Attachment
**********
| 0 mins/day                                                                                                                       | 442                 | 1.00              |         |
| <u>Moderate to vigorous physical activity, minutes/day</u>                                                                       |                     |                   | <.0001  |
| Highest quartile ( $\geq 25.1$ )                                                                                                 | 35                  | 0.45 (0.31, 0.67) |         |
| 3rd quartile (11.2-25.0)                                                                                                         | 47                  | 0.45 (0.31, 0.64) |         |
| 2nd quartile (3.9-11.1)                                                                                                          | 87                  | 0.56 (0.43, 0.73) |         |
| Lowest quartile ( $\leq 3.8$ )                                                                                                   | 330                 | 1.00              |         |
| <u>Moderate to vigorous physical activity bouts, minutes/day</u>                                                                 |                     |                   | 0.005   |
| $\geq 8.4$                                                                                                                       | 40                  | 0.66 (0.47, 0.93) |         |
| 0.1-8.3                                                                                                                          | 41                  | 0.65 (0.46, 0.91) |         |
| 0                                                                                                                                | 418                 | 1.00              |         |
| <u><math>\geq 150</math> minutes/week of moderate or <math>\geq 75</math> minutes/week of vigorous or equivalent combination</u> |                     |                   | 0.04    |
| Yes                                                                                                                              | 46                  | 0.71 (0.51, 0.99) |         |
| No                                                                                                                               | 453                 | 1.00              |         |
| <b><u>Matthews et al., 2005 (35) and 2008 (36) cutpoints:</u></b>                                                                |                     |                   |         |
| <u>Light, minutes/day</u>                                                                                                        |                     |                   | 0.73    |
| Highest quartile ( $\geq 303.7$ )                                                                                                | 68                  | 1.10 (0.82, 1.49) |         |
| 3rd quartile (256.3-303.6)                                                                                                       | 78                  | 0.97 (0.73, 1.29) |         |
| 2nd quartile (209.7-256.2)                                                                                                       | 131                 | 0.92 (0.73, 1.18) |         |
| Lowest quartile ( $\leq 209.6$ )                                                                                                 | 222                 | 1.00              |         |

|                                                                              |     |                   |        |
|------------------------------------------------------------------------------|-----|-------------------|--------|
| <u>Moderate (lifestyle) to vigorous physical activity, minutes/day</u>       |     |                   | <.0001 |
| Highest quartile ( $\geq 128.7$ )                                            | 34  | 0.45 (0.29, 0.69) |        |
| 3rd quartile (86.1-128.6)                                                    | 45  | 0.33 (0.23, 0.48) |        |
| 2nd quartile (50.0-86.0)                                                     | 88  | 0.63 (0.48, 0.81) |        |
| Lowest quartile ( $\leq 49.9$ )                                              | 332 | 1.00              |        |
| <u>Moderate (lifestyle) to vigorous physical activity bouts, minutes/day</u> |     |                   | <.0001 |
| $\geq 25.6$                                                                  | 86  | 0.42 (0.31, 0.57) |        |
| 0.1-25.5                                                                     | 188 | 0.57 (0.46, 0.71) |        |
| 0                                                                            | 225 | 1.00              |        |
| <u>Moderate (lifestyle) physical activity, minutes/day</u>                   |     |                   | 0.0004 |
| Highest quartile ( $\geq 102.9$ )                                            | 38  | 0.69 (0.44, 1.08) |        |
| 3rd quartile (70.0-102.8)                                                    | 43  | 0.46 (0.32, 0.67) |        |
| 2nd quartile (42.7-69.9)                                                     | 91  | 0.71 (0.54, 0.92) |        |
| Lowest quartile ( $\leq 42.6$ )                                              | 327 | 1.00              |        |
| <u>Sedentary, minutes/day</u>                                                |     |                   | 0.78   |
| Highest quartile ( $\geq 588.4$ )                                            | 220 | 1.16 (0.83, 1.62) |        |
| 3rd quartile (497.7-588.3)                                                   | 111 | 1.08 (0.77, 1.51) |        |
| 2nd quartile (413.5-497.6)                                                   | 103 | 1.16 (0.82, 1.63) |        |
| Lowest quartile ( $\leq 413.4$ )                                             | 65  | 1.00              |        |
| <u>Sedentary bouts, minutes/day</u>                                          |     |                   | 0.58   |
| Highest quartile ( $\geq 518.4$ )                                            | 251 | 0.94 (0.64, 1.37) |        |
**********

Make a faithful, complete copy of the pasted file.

| 0 mins/day                                                                                                                       | 442                 | 1.00              |         |
| <u>Moderate to vigorous physical activity, minutes/day</u>                                                                       |                     |                   | <.0001  |
| Highest quartile ( $\geq 25.1$ )                                                                                                 | 35                  | 0.45 (0.31, 0.67) |         |
| 3rd quartile (11.2-25.0)                                                                                                         | 47                  | 0.45 (0.31, 0.64) |         |
| 2nd quartile (3.9-11.1)                                                                                                          | 87                  | 0.56 (0.43, 0.73) |         |
| Lowest quartile ( $\leq 3.8$ )                                                                                                   | 330                 | 1.00              |         |
| <u>Moderate to vigorous physical activity bouts, minutes/day</u>                                                                 |                     |                   | 0.005   |
| $\geq 8.4$                                                                                                                       | 40                  | 0.66 (0.47, 0.93) |         |
| 0.1-8.3                                                                                                                          | 41                  | 0.65 (0.46, 0.91) |         |
| 0                                                                                                                                | 418                 | 1.00              |         |
| <u><math>\geq 150</math> minutes/week of moderate or <math>\geq 75</math> minutes/week of vigorous or equivalent combination</u> |                     |                   | 0.04    |
| Yes                                                                                                                              | 46                  | 0.71 (0.51, 0.99) |         |
| No                                                                                                                               | 453                 | 1.00              |         |
| <b><u>Matthews et al., 2005 (35) and 2008 (36) cutpoints:</u></b>                                                                |                     |                   |         |
| <u>Light, minutes/day</u>                                                                                                        |                     |                   | 0.73    |
| Highest quartile ( $\geq 303.7$ )                                                                                                | 68                  | 1.10 (0.82, 1.49) |         |
| 3rd quartile (256.3-303.6)                                                                                                       | 78                  | 0.97 (0.73, 1.29) |         |
| 2nd quartile (209.7-256.2)                                                                                                       | 131                 | 0.92 (0.73, 1.18) |         |
| Lowest quartile ( $\leq 209.6$ )                                                                                                 | 222                 | 1.00              |         |

|                                                                              |     |                   |        |
|------------------------------------------------------------------------------|-----|-------------------|--------|
| <u>Moderate (lifestyle) to vigorous physical activity, minutes/day</u>       |     |                   | <.0001 |
| Highest quartile ( $\geq 128.7$ )                                            | 34  | 0.45 (0.29, 0.69) |        |
| 3rd quartile (86.1-128.6)                                                    | 45  | 0.33 (0.23, 0.48) |        |
| 2nd quartile (50.0-86.0)                                                     | 88  | 0.63 (0.48, 0.81) |        |
| Lowest quartile ( $\leq 49.9$ )                                              | 332 | 1.00              |        |
| <u>Moderate (lifestyle) to vigorous physical activity bouts, minutes/day</u> |     |                   | <.0001 |
| $\geq 25.6$                                                                  | 86  | 0.42 (0.31, 0.57) |        |
| 0.1-25.5                                                                     | 188 | 0.57 (0.46, 0.71) |        |
| 0                                                                            | 225 | 1.00              |        |
| <u>Moderate (lifestyle) physical activity, minutes/day</u>                   |     |                   | 0.0004 |
| Highest quartile ( $\geq 102.9$ )                                            | 38  | 0.69 (0.44, 1.08) |        |
| 3rd quartile (70.0-102.8)                                                    | 43  | 0.46 (0.32, 0.67) |        |
| 2nd quartile (42.7-69.9)                                                     | 91  | 0.71 (0.54, 0.92) |        |
| Lowest quartile ( $\leq 42.6$ )                                              | 327 | 1.00              |        |
| <u>Sedentary, minutes/day</u>                                                |     |                   | 0.78   |
| Highest quartile ( $\geq 588.4$ )                                            | 220 | 1.16 (0.83, 1.62) |        |
| 3rd quartile (497.7-588.3)                                                   | 111 | 1.08 (0.77, 1.51) |        |
| 2nd quartile (413.5-497.6)                                                   | 103 | 1.16 (0.82, 1.63) |        |
| Lowest quartile ( $\leq 413.4$ )                                             | 65  | 1.00              |        |
| <u>Sedentary bouts, minutes/day</u>                                          |     |                   | 0.58   |
| Highest quartile ( $\geq 518.4$ )                                            | 251 | 0.94 (0.64, 1.37) |        |